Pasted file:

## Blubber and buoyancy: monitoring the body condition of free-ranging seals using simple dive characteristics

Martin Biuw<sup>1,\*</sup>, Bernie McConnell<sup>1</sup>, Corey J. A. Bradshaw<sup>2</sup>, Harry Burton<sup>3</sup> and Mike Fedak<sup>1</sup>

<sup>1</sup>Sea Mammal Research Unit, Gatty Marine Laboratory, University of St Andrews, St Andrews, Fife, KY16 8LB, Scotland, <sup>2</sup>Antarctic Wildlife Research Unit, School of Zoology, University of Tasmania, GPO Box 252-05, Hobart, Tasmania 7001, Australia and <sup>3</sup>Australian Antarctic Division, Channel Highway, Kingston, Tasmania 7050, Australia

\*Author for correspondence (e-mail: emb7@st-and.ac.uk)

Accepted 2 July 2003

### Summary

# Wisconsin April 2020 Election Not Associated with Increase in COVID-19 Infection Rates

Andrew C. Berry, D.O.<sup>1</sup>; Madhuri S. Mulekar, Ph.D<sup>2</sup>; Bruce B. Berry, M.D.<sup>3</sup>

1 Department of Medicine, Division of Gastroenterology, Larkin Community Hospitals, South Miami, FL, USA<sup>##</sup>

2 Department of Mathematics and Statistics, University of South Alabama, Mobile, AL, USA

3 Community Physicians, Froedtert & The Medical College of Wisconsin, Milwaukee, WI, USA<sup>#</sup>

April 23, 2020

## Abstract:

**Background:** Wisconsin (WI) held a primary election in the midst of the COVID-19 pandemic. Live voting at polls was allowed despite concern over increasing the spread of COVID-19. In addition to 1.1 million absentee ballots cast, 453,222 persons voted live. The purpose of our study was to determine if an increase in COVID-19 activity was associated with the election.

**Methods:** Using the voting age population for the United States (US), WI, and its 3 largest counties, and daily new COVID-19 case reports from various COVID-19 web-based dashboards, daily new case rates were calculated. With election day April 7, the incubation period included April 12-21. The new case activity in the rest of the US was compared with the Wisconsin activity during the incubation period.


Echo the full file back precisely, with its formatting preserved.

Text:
## Blubber and buoyancy: monitoring the body condition of free-ranging seals using simple dive characteristics

Martin Biuw<sup>1,\*</sup>, Bernie McConnell<sup>1</sup>, Corey J. A. Bradshaw<sup>2</sup>, Harry Burton<sup>3</sup> and Mike Fedak<sup>1</sup>

<sup>1</sup>Sea Mammal Research Unit, Gatty Marine Laboratory, University of St Andrews, St Andrews, Fife, KY16 8LB, Scotland, <sup>2</sup>Antarctic Wildlife Research Unit, School of Zoology, University of Tasmania, GPO Box 252-05, Hobart, Tasmania 7001, Australia and <sup>3</sup>Australian Antarctic Division, Channel Highway, Kingston, Tasmania 7050, Australia

\*Author for correspondence (e-mail: emb7@st-and.ac.uk)

Accepted 2 July 2003

### Summary

# Wisconsin April 2020 Election Not Associated with Increase in COVID-19 Infection Rates

Andrew C. Berry, D.O.<sup>1</sup>; Madhuri S. Mulekar, Ph.D<sup>2</sup>; Bruce B. Berry, M.D.<sup>3</sup>

1 Department of Medicine, Division of Gastroenterology, Larkin Community Hospitals, South Miami, FL, USA<sup>##</sup>

2 Department of Mathematics and Statistics, University of South Alabama, Mobile, AL, USA

3 Community Physicians, Froedtert & The Medical College of Wisconsin, Milwaukee, WI, USA<sup>#</sup>

April 23, 2020

## Abstract:

**Background:** Wisconsin (WI) held a primary election in the midst of the COVID-19 pandemic. Live voting at polls was allowed despite concern over increasing the spread of COVID-19. In addition to 1.1 million absentee ballots cast, 453,222 persons voted live. The purpose of our study was to determine if an increase in COVID-19 activity was associated with the election.

**Methods:** Using the voting age population for the United States (US), WI, and its 3 largest counties, and daily new COVID-19 case reports from various COVID-19 web-based dashboards, daily new case rates were calculated. With election day April 7, the incubation period included April 12-21. The new case activity in the rest of the US was compared with the Wisconsin activity during the incubation period.